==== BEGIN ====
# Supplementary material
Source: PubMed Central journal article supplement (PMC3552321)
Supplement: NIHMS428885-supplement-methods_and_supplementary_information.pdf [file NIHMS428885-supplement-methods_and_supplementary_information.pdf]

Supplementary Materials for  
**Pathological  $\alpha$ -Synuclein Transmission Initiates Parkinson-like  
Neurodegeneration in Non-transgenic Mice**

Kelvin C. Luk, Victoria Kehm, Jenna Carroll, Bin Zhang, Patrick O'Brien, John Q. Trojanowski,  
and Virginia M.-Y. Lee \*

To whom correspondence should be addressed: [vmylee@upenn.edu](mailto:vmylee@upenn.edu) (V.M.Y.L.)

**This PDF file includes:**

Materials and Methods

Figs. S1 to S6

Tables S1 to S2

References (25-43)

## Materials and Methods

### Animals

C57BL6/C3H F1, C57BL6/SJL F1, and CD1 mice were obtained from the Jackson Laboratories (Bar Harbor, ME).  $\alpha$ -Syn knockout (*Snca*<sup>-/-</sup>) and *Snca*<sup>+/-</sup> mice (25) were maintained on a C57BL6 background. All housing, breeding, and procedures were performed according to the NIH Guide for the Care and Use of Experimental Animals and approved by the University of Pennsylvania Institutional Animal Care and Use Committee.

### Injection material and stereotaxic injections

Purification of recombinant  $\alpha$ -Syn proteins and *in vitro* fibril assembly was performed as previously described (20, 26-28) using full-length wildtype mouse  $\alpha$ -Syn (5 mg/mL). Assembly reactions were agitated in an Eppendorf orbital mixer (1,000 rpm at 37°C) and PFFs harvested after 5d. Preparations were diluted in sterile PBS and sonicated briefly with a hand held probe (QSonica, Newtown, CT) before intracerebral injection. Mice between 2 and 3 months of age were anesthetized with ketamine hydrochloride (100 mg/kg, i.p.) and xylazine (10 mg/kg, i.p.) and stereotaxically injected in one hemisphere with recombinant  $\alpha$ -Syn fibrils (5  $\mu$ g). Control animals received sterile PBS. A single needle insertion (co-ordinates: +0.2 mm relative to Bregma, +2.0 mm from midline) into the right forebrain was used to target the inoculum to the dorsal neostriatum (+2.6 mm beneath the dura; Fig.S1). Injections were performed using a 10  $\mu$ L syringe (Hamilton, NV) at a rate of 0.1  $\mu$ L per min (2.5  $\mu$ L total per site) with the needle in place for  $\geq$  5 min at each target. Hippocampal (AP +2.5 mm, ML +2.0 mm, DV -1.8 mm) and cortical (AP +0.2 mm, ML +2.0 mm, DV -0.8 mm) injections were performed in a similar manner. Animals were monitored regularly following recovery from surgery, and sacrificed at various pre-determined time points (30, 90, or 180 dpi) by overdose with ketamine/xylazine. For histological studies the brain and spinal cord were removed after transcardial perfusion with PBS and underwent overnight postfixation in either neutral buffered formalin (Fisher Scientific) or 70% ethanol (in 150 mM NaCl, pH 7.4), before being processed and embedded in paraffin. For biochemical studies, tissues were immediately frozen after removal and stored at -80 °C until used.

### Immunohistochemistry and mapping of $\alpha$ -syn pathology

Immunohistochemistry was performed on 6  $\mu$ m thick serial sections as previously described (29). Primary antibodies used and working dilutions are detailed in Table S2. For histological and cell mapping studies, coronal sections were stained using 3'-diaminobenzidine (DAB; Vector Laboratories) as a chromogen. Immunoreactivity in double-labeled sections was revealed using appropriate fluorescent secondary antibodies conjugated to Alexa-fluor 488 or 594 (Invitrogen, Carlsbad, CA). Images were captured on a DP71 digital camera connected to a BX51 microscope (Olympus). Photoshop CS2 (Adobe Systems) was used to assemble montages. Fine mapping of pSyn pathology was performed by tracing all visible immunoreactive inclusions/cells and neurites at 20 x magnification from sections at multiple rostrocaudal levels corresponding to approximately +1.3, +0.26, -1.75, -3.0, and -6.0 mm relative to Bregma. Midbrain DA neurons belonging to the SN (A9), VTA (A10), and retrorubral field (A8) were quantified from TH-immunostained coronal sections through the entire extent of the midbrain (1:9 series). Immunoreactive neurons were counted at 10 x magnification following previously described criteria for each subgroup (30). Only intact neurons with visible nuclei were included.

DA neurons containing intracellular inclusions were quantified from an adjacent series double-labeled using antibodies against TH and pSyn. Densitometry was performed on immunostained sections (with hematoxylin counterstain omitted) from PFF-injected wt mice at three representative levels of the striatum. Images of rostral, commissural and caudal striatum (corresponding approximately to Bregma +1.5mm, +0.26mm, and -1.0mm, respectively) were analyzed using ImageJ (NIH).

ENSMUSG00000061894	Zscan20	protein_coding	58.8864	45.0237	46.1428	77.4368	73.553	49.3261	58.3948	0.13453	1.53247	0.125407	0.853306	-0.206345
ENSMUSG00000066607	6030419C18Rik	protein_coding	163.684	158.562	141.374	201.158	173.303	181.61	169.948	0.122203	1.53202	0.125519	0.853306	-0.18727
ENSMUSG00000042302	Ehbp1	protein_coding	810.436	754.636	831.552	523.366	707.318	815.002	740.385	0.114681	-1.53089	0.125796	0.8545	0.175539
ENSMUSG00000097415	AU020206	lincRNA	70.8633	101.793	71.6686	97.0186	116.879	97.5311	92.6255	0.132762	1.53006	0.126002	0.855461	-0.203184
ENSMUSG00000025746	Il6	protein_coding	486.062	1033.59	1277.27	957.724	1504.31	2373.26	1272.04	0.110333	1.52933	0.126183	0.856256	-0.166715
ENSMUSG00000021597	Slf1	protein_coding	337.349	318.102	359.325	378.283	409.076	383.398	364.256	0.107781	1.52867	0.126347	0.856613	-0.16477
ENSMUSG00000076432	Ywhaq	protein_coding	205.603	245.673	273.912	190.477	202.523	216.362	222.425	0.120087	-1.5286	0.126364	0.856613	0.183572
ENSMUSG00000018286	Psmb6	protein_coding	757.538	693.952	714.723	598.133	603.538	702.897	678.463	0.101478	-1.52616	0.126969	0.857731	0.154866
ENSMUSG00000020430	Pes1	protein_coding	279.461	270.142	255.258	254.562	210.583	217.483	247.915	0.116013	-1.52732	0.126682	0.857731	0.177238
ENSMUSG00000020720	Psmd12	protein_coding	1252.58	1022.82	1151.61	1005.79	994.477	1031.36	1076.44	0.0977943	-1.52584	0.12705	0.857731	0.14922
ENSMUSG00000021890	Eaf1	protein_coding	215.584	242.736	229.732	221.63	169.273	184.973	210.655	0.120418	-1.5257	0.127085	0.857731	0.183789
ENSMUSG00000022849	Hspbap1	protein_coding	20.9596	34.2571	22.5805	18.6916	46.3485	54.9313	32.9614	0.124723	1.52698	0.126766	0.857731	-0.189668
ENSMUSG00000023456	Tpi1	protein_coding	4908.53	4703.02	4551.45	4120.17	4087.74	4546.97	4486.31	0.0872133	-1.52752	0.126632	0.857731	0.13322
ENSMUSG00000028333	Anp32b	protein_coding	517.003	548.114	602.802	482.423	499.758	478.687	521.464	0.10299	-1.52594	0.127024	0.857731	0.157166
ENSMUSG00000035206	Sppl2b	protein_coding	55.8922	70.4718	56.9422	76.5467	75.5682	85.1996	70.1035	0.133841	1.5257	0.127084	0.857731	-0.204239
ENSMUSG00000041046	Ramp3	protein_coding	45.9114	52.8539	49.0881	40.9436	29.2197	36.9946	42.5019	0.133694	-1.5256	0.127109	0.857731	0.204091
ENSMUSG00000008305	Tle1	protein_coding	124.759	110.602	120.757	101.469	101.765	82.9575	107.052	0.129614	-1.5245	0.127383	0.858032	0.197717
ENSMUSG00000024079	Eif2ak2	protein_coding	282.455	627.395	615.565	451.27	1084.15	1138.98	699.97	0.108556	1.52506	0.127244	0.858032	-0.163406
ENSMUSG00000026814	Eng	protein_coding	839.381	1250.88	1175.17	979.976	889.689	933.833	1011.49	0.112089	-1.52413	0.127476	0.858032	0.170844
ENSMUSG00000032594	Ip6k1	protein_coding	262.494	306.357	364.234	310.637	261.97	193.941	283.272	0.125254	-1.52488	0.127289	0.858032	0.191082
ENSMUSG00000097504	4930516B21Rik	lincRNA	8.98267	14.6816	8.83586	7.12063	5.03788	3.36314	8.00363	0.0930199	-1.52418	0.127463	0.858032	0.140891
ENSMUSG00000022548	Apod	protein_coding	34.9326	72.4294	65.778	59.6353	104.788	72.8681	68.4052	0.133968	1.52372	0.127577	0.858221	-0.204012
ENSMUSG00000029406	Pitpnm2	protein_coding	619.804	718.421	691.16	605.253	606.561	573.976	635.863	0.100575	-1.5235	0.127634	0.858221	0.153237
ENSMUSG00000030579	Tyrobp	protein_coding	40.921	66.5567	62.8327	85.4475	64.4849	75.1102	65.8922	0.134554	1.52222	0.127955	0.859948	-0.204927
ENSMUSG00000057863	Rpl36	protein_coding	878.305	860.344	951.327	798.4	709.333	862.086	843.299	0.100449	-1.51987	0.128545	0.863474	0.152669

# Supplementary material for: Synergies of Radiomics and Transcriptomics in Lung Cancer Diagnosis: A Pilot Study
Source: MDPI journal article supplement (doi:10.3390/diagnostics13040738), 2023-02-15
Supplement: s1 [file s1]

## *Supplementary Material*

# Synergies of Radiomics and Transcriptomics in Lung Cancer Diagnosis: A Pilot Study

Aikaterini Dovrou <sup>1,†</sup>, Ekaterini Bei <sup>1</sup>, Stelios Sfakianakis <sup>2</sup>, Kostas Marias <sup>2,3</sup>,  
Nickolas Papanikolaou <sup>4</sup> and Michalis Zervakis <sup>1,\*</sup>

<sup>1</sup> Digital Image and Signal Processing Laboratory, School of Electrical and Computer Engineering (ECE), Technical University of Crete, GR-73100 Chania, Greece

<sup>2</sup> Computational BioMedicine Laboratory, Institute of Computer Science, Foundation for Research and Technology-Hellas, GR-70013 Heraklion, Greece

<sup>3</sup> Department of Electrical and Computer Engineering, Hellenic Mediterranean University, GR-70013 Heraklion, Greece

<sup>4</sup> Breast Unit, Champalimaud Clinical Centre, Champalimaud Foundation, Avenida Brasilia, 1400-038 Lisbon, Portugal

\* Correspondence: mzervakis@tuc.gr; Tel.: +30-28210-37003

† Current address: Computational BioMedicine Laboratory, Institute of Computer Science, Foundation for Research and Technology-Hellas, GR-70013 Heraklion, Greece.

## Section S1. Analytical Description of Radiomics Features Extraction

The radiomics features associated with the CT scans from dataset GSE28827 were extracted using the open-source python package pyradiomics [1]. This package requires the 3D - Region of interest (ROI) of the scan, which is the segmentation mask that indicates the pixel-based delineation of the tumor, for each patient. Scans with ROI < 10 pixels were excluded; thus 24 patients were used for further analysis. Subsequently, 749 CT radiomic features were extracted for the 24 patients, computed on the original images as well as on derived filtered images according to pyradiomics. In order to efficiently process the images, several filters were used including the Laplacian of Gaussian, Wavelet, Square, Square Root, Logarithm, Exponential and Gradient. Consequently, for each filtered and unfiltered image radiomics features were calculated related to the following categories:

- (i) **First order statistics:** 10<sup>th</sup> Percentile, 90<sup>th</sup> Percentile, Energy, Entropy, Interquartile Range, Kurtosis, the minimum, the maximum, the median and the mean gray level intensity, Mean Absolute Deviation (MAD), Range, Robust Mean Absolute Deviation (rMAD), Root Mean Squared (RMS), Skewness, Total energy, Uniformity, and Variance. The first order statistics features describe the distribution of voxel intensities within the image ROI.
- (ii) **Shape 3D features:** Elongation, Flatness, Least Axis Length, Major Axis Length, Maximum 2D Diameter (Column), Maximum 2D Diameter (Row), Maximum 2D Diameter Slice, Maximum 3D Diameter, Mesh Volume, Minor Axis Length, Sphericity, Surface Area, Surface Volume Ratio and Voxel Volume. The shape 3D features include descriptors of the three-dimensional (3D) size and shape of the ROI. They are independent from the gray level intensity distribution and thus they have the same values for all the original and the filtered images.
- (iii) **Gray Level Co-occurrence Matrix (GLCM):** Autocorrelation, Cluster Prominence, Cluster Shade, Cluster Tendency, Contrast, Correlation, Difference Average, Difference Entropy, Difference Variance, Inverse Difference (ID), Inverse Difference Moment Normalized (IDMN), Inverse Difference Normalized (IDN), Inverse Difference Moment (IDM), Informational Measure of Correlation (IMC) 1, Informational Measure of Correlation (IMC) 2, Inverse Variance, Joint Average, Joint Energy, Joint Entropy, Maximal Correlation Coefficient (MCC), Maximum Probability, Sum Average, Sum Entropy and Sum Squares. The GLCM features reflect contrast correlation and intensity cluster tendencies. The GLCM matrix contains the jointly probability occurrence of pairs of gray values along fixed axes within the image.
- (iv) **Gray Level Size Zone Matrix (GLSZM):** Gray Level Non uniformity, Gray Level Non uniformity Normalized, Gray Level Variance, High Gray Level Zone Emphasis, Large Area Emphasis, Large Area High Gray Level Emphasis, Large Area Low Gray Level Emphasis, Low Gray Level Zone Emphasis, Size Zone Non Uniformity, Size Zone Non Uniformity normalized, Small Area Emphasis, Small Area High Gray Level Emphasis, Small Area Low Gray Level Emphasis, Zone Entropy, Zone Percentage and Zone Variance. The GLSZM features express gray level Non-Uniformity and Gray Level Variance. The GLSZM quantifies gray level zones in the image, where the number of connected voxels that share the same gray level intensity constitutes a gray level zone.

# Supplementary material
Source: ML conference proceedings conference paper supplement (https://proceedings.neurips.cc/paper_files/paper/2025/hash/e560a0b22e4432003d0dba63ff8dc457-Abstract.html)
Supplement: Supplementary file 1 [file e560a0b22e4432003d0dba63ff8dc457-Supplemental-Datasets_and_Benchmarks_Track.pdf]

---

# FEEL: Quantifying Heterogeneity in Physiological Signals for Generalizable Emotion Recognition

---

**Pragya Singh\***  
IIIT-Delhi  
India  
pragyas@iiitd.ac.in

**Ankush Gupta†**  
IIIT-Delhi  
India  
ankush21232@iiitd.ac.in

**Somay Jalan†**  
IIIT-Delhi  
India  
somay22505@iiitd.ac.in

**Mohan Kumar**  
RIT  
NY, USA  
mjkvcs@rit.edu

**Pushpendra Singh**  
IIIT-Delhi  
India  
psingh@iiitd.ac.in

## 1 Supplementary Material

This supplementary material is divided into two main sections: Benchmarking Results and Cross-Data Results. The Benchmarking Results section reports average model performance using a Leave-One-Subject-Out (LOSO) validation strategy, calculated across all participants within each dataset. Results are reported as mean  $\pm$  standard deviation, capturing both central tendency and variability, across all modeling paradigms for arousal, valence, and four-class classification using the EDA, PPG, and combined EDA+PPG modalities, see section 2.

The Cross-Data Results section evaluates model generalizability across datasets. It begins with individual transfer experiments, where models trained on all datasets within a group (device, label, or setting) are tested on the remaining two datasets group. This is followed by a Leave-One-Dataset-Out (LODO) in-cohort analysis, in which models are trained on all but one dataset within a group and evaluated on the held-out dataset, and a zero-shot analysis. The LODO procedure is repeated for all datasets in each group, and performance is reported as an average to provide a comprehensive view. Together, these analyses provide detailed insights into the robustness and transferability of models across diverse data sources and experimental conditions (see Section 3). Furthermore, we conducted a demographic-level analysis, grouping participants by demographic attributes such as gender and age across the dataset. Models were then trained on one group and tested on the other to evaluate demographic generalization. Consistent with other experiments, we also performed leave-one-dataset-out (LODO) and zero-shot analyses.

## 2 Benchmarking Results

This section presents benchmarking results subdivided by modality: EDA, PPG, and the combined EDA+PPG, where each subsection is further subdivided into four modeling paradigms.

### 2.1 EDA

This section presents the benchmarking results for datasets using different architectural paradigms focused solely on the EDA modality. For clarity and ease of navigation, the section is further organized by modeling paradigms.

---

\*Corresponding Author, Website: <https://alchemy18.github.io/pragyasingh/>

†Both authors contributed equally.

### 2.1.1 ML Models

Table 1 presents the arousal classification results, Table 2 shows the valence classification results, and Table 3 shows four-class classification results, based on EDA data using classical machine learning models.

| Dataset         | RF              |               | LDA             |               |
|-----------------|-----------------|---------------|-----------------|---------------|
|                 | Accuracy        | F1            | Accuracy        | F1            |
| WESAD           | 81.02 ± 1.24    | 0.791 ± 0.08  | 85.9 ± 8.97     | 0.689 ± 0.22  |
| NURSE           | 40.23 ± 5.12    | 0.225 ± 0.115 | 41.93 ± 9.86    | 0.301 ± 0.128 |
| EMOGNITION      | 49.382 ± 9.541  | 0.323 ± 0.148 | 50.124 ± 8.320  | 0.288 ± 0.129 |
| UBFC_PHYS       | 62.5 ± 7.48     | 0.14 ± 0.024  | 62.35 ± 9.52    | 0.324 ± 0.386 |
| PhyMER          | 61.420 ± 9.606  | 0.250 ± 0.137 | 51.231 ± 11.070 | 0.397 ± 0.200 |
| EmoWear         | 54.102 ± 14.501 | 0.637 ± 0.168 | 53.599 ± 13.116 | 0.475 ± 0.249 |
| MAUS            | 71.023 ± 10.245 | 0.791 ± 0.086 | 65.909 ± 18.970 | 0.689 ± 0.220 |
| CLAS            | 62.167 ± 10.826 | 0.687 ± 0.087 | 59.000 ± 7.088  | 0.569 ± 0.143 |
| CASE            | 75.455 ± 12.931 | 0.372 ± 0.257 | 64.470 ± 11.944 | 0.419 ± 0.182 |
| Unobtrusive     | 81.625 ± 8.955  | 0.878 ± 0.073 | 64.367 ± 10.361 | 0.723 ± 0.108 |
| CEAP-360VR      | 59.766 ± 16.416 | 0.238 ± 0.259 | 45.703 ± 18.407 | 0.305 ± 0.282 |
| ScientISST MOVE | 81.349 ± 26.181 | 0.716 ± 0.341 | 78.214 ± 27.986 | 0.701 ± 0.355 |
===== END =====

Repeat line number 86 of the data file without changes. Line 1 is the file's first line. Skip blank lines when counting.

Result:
RIT  